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Kids can play a much larger role in reforming their schools.
I have just read the article profiling John Parker of the Roanoke Rapids, North Carolina, school district [“Greener Pastures,” March/April]. In an era when the standardized test increasingly seems to be heralded as the one-stop fix for nearly every educational challenge, John Parker has determinedly and steadfastly championed good teaching and hands-on learning to develop creative, innovative thinkers, not just skilled test-takers.
What a surprise to read the feature article “Home Base” in the March/April issue. I have been an elementary teacher at Patch Barracks for many years and can relate to much of what Mr. Toner wrote. His favorite teacher, Mr. Hanks, was a friend of mine, and he is truly missed. I have shared this article with my colleagues, and I hope that Mr. Hanks’ widow has also read the article.
I was tantalized when I saw the name “Melville” on your front cover and then became excited when I read in the Contents the name “Bartleby” [“Bartleby, Savitri, & Me,” January/February]. I just completed a unit on “Bartleby, the Scrivener” in my classroom.
I really enjoyed reading “Dropouts In America” [Books, March/ April]. In 1977, I dropped out. I fought to keep my son from leaving school and did a homeschool program just to get the diploma. I now fight again with my 16-year-old to stay in school. “Why? It is such a waste of time”; “They have no idea how to teach”; “I am not learning.” He is right. For 12 years, I fought our broken public school system. My children all have superior to high-average IQs in a broken system of special education that has failed to teach reading, writing, and math.
I enjoyed the column by Tony Wagner suggesting that, as do other professionals, teachers would benefit from observing each other in practice [“The Buddy System,” Comment, January/February]. I was pleased to read that such a program was being tried in the Santa Monica-Malibu school district. However, I was disappointed to see no information on the results of this effort.
I’ve enjoyed Teacher Magazine for several years, but the November/December issue seemed to have something for me at every turn. My sister went to Simon’s Rock [“Classic Rock”]; my brother had Frank McCourt for high school English at Stuyvesant in the ’70s [“Joyless Endeavors,” Comment]; my own school is a one-room school on an “isolated island” [“Lost & Found”]; we had one of those “Flat Stanleys” visit here [“Paper Trail”]—we took snapshots of him “playing hockey” on a frozen puddle—and I’m currently reading The Arctic Schooner Bowdoin to my middle schoolers, and the author just mentioned the Clearwater [“Hudson River School”]! Just thought I’d let you know how well you’re hitting the mark around here.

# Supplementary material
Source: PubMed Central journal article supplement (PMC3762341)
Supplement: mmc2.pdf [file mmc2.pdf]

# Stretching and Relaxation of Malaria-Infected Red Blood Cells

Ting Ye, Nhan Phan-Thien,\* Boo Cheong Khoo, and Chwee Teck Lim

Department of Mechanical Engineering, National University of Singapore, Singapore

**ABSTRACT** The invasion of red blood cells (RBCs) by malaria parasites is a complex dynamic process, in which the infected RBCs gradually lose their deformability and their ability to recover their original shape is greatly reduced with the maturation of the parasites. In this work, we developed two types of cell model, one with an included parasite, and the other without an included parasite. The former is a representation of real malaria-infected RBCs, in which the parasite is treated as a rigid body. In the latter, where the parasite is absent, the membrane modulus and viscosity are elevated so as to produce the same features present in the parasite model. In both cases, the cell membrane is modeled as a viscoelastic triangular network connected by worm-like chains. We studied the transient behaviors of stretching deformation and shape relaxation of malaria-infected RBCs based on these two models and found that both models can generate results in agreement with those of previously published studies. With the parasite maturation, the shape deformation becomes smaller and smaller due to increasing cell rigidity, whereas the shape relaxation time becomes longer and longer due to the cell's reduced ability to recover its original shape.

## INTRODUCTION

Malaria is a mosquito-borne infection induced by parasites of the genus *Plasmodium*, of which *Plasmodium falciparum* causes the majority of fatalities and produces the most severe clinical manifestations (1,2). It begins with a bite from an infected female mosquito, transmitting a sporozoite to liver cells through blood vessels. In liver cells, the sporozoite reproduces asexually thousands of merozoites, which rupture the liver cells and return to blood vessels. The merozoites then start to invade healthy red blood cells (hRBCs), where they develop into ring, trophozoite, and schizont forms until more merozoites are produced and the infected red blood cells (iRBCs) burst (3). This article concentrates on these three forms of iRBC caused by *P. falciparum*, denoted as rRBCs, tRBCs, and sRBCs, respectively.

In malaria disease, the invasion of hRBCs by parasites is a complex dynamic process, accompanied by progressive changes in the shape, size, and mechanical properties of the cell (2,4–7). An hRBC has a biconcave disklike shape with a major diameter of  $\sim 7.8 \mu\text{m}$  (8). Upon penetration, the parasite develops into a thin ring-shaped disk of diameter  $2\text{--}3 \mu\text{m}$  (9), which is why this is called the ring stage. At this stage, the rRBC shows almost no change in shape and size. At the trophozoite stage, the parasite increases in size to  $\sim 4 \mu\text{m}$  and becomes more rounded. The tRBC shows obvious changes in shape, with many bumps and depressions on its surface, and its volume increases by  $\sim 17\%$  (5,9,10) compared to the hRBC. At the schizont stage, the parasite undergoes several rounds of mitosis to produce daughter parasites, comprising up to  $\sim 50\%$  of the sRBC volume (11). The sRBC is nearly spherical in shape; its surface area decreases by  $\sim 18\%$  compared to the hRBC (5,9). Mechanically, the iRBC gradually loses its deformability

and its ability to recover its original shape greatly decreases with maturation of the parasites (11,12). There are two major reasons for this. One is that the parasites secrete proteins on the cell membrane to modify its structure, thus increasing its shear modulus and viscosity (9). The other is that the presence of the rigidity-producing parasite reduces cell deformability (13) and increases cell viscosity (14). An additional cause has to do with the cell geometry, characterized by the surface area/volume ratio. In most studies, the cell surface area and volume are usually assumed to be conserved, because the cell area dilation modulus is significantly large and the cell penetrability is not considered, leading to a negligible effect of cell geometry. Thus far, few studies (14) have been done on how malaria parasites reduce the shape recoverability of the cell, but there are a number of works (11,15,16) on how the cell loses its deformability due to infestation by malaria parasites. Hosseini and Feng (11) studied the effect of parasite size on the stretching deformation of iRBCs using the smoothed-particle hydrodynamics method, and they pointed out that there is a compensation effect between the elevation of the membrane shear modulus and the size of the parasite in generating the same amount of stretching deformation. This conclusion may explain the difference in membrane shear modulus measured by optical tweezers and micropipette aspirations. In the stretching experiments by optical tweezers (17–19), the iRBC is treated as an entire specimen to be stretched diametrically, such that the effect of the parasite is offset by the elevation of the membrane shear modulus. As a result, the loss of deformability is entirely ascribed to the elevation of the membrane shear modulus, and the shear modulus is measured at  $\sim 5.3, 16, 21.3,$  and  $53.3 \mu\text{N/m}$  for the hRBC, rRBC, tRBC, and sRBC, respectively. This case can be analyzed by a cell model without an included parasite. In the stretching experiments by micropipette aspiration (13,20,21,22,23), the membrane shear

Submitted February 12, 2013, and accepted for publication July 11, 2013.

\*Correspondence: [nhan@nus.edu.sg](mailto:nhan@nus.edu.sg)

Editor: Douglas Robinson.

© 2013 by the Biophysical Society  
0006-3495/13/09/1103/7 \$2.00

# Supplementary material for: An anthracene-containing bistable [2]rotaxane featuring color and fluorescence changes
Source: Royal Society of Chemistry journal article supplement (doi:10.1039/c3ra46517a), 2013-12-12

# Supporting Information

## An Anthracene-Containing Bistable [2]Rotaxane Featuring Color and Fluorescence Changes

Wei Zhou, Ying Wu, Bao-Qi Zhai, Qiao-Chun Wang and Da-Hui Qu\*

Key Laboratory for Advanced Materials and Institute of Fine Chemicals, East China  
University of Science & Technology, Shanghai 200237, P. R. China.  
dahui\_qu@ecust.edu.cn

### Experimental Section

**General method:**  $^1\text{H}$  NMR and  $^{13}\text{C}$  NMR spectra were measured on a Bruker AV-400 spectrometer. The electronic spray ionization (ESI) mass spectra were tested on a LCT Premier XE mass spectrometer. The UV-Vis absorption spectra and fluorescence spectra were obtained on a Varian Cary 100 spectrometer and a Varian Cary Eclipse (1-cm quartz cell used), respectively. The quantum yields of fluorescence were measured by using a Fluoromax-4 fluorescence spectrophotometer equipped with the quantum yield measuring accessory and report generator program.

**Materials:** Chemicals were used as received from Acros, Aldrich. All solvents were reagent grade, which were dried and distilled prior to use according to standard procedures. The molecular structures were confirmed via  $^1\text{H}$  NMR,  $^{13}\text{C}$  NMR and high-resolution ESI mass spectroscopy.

Teachers take preventive measures to stop online plagiarism.
Full-day kindergarten is catching on nationwide.
Notable quotes on teaching and schools from around the country.
Researcher David Brunsma gives the public school uniform craze a dressing down.
School news from around the globe.
An acclaimed ballet dancer returns home to Florida's so-called Redneck Riviera and opens a magnet school for dance.
Unlike its neighbour to the south, Canada has made parochial schools public in many of its provinces.
As writer in residence at a New Jersey prep school, novelist Paul Watkins discovered that teaching and writing about the past go hand in hand.
Desperate for quality teachers who won't flinch at a challenge, educators in one Florida district are offering full scholarships and guaranteed jobs to a local corps of high schoolers.
One of the gurus of environmental education helps students act globally by thinking locallystarting in their schools' backyards.
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The AP program may be booming, but not at every school.
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New teachers quickly learn whom not to cross.
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A first-year teacher discovers that inspiration can dangle from the ceiling.
In his new book, education historian Larry Cuban takes a critical look at business' efforts to remake schools.
Jay Parini—esteemed poet, novelist, and Frost biographer—may be a professor of English at Middlebury College, but what he writes about teaching will be of keen interest to all educators, especially young ones.
A professor at the Columbia University School of Law demonstrates that during the past two decades, the legal answer to the question posed in the title has been a conditional "yes."
How a school in 1930s New York let immigrant students shine.
Tales of travel, adolescent strength, and stilt-walking whales.
A new national technology plan lacks one thing: Vision.
Application deadlines for grants and fellowships available to individuals and schools.
Application deadlines for awards, honors, and contests available to teachers.
Dates for workshops, conferences, and other professional development opportunities for teachers.
Application dates for student contests, scholarships, and internships. Asterisks (*) denote new entries.
Kathryn Stevens finds signs of life in a concrete-lined river.